The precompiled g_mmpbsa binaries and the related python scripts of the package are provided with CHAPERONg. However, the user needs to put the necessary .mdp files in the working directory. For convenience, copies of these are also packaged with CHAPERONg and can be found in the CHAP_utilities/mdp/ folder within the CHAPERONg package. For details of the g_mmpbsa .mdp parameters, you can check the g_mmpbsa documentation. First, CHAPERONg generates a compatible .tpr file using the grompp module of GMX. Then the fraction of the trajectory as specified by the user is extracted. Frames are extracted from this fraction at intervals to obtain the appropriate total number of frames. These are used as input for the g_mmpbsa calculations. Thereafter, the binding energy and contribution of residues are determined using the and the scripts. The outputs of these calculations are saved in a MMPBSA folder in the working directory.

12. Free Energy Landscape with gmx sham

The gmx sham module can be used to make free energy landscape using order parameters (quantities of interest) from .xvg input files. The order parameters are converted into histograms that are then used to construct the energetic landscape by Boltzmann inversion. Examples of order parameters often used are the root mean square deviation (RMSD), radius of gyration (Rg), number of hydrogen bonds, or principal components from principal component analysis (PCA). When two of such order parameters are used to generate a 2D-histogram, the 2D representation of the energetic landscape, called the free energy surface (FES), is produced .

12.1. PCA-derived FES with gmx sham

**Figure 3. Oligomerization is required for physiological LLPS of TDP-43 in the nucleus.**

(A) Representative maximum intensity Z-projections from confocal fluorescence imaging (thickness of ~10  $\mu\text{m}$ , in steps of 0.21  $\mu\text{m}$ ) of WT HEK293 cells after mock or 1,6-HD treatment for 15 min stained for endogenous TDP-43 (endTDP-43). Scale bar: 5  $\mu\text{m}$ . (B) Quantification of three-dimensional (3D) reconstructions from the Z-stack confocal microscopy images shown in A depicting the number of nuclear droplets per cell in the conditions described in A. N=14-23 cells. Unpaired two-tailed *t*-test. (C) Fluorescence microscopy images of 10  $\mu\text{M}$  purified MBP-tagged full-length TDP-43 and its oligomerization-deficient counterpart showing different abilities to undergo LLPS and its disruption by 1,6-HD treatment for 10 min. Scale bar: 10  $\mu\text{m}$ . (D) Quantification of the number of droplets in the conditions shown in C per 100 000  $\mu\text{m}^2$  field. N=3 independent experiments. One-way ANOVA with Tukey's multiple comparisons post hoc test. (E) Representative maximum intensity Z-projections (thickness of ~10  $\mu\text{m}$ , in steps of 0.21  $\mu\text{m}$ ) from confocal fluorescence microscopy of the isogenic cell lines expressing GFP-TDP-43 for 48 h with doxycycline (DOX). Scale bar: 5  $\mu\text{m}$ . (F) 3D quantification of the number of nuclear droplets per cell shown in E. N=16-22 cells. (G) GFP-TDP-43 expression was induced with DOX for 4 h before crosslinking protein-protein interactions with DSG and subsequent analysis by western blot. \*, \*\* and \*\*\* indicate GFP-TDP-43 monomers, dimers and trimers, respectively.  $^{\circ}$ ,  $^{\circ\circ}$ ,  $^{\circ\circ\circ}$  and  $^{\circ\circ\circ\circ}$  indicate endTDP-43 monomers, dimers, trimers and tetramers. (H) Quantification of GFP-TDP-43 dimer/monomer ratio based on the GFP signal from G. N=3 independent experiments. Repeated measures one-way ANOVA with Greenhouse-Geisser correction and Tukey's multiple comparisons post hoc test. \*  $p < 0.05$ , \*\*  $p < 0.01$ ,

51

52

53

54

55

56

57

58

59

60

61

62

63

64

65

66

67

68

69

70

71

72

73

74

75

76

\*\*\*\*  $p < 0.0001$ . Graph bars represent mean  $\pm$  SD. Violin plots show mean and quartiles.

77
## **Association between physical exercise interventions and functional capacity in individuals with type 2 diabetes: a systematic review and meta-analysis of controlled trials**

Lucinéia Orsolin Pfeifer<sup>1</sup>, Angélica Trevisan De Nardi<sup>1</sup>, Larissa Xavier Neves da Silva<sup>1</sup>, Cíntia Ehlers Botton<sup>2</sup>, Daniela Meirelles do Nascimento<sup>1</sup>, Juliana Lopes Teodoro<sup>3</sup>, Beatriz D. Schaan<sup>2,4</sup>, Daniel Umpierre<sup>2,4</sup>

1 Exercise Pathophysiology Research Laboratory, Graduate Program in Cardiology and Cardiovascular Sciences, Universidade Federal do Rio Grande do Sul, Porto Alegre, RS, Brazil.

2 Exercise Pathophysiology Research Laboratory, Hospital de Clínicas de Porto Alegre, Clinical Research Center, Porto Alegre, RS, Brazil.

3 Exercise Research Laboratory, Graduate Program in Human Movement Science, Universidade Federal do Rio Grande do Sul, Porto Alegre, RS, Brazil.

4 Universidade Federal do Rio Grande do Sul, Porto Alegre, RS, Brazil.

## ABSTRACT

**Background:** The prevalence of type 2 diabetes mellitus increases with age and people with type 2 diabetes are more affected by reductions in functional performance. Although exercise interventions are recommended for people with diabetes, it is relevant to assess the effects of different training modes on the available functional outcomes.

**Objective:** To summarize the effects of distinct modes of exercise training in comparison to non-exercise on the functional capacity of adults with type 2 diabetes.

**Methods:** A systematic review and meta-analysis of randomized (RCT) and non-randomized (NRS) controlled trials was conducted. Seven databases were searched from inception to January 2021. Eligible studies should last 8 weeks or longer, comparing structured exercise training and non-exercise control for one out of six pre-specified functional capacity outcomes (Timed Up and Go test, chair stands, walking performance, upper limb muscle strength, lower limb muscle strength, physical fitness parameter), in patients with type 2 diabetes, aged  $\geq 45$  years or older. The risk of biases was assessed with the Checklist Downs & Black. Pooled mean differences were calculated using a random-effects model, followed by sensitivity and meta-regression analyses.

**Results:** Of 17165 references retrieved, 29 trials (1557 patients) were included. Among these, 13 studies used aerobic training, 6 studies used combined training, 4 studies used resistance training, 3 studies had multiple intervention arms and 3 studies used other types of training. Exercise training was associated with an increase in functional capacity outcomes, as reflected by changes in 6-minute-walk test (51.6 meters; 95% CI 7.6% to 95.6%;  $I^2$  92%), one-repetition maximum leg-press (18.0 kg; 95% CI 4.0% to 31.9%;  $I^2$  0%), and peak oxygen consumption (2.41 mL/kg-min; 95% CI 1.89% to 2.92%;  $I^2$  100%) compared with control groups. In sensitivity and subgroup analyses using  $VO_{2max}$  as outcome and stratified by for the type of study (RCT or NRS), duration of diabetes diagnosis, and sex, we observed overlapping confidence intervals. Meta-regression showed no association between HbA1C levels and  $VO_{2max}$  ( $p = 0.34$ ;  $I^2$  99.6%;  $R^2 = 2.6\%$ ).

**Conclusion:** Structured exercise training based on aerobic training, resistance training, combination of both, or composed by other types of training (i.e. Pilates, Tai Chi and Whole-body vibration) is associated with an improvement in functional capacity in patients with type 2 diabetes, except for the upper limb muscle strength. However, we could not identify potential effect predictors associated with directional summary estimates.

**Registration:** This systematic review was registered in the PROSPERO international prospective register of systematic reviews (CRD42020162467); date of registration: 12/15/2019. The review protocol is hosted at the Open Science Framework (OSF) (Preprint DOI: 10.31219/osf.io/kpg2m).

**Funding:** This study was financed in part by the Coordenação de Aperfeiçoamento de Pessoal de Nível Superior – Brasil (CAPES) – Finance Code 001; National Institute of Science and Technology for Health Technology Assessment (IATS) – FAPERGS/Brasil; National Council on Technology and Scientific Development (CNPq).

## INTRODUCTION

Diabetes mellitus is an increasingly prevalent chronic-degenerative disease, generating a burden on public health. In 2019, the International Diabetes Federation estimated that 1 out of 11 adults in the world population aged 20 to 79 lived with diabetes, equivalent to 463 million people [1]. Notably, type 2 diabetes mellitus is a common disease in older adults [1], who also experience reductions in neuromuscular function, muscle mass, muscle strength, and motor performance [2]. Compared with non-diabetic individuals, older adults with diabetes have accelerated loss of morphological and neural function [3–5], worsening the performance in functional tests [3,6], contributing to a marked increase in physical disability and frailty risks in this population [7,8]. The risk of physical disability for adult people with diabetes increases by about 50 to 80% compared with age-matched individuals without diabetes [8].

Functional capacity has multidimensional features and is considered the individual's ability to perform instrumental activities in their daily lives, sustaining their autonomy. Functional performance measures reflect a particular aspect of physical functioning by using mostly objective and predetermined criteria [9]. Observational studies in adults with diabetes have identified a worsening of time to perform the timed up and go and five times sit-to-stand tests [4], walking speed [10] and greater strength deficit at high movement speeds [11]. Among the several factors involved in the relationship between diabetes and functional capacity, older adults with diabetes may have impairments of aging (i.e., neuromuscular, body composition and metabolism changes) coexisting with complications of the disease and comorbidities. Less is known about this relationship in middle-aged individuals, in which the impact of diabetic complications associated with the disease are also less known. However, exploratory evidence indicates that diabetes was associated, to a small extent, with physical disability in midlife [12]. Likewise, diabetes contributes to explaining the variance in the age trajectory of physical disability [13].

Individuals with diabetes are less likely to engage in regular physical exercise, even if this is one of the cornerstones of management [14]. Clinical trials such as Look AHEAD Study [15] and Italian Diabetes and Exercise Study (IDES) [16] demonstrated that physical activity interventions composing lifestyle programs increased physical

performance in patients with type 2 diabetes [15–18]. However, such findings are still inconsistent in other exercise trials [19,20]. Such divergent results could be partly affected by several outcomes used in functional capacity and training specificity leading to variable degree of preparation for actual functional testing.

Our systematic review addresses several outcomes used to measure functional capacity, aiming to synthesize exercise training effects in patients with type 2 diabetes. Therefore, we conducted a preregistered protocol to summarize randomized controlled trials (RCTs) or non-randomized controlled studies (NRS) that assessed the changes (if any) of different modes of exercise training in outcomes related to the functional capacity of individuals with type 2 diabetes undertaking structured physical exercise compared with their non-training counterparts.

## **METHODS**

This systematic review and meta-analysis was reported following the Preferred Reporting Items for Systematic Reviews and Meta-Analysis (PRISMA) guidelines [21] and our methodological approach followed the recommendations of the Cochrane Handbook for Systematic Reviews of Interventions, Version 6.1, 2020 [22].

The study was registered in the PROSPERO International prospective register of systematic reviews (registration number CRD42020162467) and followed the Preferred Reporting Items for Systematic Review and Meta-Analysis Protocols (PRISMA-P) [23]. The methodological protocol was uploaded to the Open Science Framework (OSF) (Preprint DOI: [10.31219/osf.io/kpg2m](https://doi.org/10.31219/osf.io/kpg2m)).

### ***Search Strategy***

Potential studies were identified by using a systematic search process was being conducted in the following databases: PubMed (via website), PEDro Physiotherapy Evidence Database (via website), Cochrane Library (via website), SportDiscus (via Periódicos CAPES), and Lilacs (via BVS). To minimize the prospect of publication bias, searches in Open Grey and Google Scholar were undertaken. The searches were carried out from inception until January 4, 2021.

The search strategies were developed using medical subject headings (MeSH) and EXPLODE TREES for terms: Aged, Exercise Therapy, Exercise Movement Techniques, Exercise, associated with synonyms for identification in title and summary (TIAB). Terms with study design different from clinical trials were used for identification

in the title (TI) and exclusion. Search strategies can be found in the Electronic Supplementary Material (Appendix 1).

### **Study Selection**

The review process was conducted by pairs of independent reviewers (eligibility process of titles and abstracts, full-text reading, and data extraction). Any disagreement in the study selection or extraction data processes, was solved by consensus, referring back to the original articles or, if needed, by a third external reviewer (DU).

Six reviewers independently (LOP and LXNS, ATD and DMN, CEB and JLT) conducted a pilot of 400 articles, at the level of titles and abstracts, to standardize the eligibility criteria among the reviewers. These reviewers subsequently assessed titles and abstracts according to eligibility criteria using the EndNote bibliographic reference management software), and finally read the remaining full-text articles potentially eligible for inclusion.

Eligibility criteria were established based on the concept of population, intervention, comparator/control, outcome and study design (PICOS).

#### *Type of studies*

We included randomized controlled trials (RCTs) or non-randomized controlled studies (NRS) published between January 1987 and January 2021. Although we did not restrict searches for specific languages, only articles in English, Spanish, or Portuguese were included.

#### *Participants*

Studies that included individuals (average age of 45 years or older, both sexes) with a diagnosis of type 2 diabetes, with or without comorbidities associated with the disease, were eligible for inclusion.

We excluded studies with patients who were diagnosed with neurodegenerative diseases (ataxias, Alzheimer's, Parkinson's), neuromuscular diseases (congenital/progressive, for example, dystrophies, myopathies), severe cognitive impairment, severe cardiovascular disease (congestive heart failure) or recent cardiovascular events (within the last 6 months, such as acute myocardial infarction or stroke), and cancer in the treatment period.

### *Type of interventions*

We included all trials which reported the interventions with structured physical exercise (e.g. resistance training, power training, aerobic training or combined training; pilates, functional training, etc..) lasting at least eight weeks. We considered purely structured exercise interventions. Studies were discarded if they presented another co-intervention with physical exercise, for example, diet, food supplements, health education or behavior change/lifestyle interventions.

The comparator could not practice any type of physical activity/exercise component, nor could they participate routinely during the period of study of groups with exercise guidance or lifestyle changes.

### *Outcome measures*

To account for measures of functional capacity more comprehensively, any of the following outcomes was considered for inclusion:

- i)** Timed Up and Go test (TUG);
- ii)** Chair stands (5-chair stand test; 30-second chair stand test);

Before running the FES calculations, the user is prompted to specify the type of input order parameters from preset options or some other user defined parameters (see Image below). One preset option is to directly use the .xvg plot of the projection on the first two eigenvectors from PCA obtained with GMX. If chosen, CHAPERONg checks the working directory for a previously run PCA folder. If found, the PCA_2Dproj.xvg file is automatically used. If no such directory or file is available in the working directory, the process is rather initiated with a PCA run. When a precalculated PCA result is avaiable, the FES calculation is automatically run if CHAPERONg is launched in the full auto mode. But if launched in the semi-auto mode, the user is asked to confirm whether to use the pre-calculated PCA_2d projection file, repeat PCA calculation, or provide some other PCA_2d projection file located in some other directory.

Specifying the input quantities of interest

12.2. Rg Vs RMSD FES with gmx sham

Similar to the case of the PCA-derived FES, a second preset option is to use the Rg and the RMSD as the quantities of interest (order parameters).

However, the user can also specify some other pair of order parameters as a .xvg input file.

12.3. Outputs of the FES calculations with gmx sham

Using the gmx sham tool, the Gibbs free energy.xpm file is generated, which is a matrix file that contains the plot of the estimated relative Gibb’s free energy of the system at different states/conformations in the energetic landscape. Other output files are also generated such as:

  • prob.xpm: a matrix plot of the probability of the system being in a particular conformation at a particular point in the free energy landscape,
  • bindex.ndx: a list of the different bins of the 2D histogram and the trajectory frames that make up each bin,
  • shamlog.log: a list of the lowest energy bins, their estimated relative free energy values, and the index of each bin as contained in the bindex.ndx file.

12.4. Extracting (low-energy) structures from the trajectory